150 pages of unduly complex guidance slashed to just 8
This was published under the 2010 to 2015 Conservative and Liberal Democrat coalition government
Teachers must no longer be discouraged from taking children on school trips because of misplaced health and safety concerns.
- Ministers dispel health and safety school trip myths
Teachers must no longer be discouraged from taking children on school trips because of misplaced health and safety concerns, Education Secretary Michael Gove and Employment Minister Chris Grayling have said.
A myth-busting statement, prepared by the Health and Safety Executive (HSE), has been published for schools and local authorities - explaining what teachers should consider when organising trips. The statement dispels myths about legal action and encourages all schools to ditch unnecessary paperwork, ensuring that precautions are proportionate to the risks involved.
Newly revised health and safety guidance for schools has also been published by the Department for Education, summarising how the existing health and safety law affects schools, local authorities, governing bodies, and staff - particularly in relation to school trips. This advice has been slashed from 150 pages of unduly complex information to just eight pages.
At the moment, many schools wrongly believe that:
- written risk assessments - some totalling up to 100 pages - must be completed for every activity that takes place outside of school, such as visits to museums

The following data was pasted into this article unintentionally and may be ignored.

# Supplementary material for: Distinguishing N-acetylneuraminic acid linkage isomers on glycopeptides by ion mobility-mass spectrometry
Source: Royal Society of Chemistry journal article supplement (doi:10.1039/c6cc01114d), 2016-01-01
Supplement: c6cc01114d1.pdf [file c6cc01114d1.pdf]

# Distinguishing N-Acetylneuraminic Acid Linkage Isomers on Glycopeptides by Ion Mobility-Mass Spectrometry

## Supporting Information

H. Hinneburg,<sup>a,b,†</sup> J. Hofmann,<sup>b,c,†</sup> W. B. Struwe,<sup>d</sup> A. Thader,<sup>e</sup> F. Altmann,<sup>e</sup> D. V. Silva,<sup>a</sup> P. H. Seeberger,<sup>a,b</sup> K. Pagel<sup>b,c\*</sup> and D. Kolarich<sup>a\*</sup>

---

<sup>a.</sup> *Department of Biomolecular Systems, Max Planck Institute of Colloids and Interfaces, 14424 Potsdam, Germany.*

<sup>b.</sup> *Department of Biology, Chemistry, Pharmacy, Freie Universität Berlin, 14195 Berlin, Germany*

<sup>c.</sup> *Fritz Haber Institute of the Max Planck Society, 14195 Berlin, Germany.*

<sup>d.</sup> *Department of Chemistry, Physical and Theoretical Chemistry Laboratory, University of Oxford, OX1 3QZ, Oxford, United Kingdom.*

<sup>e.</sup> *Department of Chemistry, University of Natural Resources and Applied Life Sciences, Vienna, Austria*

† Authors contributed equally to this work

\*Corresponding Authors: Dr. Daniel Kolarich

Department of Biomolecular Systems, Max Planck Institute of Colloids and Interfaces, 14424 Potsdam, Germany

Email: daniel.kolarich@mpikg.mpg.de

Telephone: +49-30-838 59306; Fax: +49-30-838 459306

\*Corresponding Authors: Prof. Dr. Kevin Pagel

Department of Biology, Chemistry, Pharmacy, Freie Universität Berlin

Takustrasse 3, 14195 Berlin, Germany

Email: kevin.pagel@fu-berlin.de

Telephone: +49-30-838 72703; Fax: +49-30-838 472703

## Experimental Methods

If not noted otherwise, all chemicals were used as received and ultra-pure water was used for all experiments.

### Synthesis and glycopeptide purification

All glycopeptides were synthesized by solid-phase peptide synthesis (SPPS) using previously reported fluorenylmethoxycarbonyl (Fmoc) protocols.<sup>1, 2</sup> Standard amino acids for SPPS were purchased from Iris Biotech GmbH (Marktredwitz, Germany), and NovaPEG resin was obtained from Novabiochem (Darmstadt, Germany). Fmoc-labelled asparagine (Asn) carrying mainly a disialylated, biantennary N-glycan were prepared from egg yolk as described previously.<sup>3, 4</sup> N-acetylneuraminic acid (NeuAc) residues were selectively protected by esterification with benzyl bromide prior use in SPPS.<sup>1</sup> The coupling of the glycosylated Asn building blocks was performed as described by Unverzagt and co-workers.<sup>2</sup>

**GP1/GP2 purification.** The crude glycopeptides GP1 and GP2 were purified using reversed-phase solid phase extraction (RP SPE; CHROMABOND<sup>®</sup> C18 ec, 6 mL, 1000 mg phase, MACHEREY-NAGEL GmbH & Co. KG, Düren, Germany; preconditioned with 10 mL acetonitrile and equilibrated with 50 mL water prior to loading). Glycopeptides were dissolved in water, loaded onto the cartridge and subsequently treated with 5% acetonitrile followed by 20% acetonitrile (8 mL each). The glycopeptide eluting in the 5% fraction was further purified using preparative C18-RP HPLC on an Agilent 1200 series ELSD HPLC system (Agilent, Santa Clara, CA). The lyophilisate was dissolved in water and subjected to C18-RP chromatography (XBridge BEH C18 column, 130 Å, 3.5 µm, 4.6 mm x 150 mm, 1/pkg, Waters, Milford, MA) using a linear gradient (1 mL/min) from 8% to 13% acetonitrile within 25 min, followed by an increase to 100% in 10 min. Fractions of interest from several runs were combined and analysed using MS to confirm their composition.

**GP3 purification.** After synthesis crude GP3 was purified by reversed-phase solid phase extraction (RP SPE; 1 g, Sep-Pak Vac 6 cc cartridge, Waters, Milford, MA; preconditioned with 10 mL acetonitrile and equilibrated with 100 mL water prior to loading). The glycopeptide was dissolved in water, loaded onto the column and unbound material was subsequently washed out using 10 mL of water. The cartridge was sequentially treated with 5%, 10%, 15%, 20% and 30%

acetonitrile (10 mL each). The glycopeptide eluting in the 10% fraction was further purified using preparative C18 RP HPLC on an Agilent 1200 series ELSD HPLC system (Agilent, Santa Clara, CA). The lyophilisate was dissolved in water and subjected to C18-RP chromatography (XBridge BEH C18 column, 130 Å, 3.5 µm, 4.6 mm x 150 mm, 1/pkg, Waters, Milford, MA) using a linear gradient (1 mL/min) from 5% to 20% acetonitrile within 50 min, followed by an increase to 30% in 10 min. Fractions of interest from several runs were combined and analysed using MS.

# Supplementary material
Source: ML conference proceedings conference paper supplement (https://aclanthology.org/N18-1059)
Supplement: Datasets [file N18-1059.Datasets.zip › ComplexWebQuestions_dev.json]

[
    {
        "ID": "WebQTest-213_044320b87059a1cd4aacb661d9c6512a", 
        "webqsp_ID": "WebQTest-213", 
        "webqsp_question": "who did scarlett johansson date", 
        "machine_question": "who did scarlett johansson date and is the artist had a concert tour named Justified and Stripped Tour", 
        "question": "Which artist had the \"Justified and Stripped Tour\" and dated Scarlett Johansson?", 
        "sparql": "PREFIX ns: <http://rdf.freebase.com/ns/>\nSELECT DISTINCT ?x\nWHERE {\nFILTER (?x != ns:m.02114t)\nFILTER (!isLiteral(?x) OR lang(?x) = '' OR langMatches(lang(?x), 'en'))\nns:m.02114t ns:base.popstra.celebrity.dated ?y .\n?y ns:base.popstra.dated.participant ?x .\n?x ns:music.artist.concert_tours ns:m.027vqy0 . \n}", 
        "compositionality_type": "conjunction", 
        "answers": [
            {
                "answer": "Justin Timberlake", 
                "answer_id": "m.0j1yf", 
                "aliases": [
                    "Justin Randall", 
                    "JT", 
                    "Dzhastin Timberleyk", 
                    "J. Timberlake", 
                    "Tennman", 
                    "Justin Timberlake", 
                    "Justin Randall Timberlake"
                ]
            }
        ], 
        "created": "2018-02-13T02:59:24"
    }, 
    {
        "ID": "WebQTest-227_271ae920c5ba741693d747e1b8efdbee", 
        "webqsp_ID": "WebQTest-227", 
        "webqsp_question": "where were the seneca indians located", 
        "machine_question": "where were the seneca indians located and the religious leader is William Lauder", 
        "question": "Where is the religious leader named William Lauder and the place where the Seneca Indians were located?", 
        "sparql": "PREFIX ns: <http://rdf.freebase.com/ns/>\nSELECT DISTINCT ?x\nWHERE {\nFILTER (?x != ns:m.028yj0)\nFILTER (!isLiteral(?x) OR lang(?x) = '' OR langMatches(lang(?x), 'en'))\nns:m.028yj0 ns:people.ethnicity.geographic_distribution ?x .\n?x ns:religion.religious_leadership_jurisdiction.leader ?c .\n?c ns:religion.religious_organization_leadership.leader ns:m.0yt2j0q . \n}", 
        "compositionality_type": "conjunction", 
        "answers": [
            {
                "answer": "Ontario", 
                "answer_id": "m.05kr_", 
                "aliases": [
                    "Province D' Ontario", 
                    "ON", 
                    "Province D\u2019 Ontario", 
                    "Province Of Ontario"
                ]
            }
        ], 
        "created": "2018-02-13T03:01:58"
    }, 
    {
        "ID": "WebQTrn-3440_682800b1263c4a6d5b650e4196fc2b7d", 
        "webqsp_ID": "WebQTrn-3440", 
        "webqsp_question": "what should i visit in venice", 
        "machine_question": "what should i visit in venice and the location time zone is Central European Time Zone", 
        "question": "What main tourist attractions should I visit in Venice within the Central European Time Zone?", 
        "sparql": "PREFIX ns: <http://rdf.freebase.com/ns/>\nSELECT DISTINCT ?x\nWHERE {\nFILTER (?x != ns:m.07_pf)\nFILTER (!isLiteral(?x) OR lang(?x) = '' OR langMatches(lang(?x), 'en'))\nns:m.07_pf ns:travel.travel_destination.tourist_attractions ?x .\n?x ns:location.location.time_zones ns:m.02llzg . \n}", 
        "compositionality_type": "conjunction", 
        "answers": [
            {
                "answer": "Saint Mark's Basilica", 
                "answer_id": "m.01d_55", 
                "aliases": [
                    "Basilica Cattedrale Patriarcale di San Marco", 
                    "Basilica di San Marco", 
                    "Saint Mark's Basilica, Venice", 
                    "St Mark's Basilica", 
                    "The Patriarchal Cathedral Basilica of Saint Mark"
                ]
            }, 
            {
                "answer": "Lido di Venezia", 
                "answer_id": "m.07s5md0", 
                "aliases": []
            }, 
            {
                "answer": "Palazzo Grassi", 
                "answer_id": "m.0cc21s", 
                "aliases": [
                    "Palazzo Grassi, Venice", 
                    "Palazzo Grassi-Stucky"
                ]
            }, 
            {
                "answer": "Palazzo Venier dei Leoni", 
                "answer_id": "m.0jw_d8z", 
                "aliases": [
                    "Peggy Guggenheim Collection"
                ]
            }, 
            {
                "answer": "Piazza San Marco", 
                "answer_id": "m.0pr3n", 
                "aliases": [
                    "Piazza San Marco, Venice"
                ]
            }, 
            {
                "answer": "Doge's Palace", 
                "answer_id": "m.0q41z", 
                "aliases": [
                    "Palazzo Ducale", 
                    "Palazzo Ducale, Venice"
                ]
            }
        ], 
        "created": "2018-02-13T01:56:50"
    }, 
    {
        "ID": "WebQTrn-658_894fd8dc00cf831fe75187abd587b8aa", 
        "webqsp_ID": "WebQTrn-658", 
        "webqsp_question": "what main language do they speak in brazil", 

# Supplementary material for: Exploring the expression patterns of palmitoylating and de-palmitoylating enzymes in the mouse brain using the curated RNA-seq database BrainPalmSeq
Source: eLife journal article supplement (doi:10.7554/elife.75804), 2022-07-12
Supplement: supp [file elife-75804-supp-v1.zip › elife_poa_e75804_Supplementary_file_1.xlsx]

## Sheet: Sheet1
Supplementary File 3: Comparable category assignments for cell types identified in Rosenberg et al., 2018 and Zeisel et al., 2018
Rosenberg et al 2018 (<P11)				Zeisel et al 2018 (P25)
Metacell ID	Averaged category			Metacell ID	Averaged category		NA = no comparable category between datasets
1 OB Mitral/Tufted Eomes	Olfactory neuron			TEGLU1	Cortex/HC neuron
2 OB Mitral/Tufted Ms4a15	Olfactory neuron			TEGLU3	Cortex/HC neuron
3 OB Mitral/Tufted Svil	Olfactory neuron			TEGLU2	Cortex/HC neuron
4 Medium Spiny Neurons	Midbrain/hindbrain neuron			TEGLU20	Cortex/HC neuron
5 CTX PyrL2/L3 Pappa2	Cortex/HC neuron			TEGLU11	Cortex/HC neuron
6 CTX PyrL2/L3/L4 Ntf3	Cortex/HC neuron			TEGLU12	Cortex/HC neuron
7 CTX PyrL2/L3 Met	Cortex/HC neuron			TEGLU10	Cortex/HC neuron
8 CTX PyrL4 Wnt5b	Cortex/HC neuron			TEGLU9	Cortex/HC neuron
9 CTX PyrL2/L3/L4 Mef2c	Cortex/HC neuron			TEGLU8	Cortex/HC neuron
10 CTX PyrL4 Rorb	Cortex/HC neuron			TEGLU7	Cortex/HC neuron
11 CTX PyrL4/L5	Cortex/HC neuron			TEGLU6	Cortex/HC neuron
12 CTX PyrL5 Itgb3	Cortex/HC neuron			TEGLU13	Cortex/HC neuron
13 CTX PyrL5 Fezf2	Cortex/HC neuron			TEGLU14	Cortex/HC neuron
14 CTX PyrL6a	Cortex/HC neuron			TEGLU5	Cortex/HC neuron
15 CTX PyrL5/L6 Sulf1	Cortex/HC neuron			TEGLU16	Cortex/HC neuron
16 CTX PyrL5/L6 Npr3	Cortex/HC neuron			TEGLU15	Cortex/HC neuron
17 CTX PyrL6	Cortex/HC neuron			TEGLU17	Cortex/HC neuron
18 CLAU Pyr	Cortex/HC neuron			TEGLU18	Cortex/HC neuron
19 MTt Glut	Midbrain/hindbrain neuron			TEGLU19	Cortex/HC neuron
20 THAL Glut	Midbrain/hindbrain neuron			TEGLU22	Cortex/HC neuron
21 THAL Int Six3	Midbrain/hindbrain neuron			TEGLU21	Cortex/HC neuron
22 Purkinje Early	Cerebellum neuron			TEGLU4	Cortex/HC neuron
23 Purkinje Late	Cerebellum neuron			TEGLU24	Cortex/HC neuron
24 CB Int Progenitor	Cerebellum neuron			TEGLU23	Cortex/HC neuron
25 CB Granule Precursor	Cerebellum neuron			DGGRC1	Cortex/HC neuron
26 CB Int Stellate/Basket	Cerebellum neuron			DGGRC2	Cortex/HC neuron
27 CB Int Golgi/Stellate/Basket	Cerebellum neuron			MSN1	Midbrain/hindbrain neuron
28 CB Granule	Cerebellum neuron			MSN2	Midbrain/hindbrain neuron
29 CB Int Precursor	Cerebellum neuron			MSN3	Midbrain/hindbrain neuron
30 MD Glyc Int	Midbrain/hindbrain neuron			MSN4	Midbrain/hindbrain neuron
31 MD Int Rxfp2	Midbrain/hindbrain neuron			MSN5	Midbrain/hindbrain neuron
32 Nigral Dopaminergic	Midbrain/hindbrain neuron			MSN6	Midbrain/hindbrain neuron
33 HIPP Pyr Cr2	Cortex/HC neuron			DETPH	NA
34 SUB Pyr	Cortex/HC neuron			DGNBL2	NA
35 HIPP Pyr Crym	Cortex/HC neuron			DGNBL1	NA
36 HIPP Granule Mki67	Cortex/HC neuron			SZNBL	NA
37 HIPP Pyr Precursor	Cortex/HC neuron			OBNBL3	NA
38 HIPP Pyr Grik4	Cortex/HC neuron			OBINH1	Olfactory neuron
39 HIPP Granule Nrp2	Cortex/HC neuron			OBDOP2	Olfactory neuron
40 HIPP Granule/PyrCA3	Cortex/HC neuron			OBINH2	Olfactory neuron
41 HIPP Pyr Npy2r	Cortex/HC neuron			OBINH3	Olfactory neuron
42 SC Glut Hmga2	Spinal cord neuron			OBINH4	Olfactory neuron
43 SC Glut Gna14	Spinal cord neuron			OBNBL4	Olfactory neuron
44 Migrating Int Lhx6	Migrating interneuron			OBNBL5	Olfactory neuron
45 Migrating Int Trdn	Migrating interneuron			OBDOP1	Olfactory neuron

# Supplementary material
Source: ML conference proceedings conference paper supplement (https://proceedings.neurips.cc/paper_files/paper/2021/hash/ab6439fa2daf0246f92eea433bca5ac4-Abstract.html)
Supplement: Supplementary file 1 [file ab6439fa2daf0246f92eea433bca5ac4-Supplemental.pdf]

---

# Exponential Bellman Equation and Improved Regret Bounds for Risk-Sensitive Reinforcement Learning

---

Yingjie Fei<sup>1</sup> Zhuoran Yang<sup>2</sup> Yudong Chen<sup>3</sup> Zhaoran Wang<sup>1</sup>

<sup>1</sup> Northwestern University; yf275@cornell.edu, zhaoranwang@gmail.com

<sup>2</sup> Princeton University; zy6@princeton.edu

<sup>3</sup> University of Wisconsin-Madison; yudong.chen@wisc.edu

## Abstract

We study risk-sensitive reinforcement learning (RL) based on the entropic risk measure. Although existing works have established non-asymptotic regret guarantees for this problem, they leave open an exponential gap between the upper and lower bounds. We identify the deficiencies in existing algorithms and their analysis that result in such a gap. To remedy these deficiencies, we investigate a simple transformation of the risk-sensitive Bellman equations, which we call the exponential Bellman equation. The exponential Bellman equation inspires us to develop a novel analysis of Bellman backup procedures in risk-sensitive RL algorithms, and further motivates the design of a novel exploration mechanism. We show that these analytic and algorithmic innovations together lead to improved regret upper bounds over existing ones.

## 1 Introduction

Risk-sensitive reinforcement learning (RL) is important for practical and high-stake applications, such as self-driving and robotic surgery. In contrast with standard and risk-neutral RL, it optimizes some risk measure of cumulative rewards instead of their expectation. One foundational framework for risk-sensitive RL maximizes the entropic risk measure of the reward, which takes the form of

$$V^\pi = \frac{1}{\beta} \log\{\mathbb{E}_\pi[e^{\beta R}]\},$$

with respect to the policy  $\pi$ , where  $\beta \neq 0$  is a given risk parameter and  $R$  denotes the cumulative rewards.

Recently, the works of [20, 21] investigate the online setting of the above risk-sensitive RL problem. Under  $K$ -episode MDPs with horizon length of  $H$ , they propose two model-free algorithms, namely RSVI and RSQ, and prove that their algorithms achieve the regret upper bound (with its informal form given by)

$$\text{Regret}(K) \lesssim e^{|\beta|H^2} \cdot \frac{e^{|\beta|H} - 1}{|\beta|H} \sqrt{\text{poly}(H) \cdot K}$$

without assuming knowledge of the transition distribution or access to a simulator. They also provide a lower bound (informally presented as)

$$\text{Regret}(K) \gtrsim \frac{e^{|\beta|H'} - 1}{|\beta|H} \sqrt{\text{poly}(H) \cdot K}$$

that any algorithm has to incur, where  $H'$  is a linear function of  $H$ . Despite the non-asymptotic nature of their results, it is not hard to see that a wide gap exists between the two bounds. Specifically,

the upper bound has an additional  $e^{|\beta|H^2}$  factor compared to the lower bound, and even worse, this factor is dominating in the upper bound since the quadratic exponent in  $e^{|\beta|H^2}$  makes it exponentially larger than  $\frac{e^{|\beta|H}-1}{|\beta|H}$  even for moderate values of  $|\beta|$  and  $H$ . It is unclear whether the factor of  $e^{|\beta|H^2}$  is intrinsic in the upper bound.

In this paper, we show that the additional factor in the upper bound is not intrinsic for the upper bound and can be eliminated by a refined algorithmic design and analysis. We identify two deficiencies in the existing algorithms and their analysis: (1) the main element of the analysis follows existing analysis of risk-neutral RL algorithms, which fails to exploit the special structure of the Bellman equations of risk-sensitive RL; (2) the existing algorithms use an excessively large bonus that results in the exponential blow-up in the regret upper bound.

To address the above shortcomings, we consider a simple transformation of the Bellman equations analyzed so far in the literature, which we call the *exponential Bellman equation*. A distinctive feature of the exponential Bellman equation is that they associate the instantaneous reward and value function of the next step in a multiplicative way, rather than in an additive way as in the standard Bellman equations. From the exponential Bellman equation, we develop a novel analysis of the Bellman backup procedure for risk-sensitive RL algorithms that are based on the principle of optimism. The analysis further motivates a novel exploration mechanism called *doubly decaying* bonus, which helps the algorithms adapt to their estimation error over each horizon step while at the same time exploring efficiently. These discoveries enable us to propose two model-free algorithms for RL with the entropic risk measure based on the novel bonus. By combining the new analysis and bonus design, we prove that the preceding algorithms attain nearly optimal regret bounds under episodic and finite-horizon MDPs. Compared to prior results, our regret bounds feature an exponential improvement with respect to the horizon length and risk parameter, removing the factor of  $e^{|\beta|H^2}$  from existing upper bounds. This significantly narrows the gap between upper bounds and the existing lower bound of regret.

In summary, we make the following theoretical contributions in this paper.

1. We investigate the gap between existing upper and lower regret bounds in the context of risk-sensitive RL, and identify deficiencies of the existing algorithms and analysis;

- teachers must ask parents to complete written consent forms for every school trip or visit.
The new guidance clarifies these myths and urges a common sense approach, making it easier for schools to give pupils more opportunities to learn outside of the classroom.
Education Secretary Michael Gove said:
Children should be able to go on exciting school trips that broaden their horizons. That is why we are cutting unnecessary red tape in schools and putting teachers back in charge.
This new, slimmer advice means a more common sense approach to health and safety. It will make it easier for schools to make lessons more inspiring and fun.
Employment Minister Chris Grayling said:
Memories of our school trips stay with us. Learning outside the classroom brings the curriculum to life and is essential to our children’s development. We cannot let confusion over health and safety requirements deprive them of the opportunities we had.
I want to dispel the myths and remind schools, teachers and local authorities that a disproportionate fear of prosecution should not get in the way of common sense.
The revised guidance:
- summarises the legal duties of head teachers, governing bodies and local authorities on health and safety, and covers activities that take place on and off school premises
- makes clear that a written risk assessment does not need to be carried out every time a school takes pupils on a regular, routine local visit, for example to a swimming pool or museum.
- tackles myths and teachers’ fears about being prosecuted by making the law clearer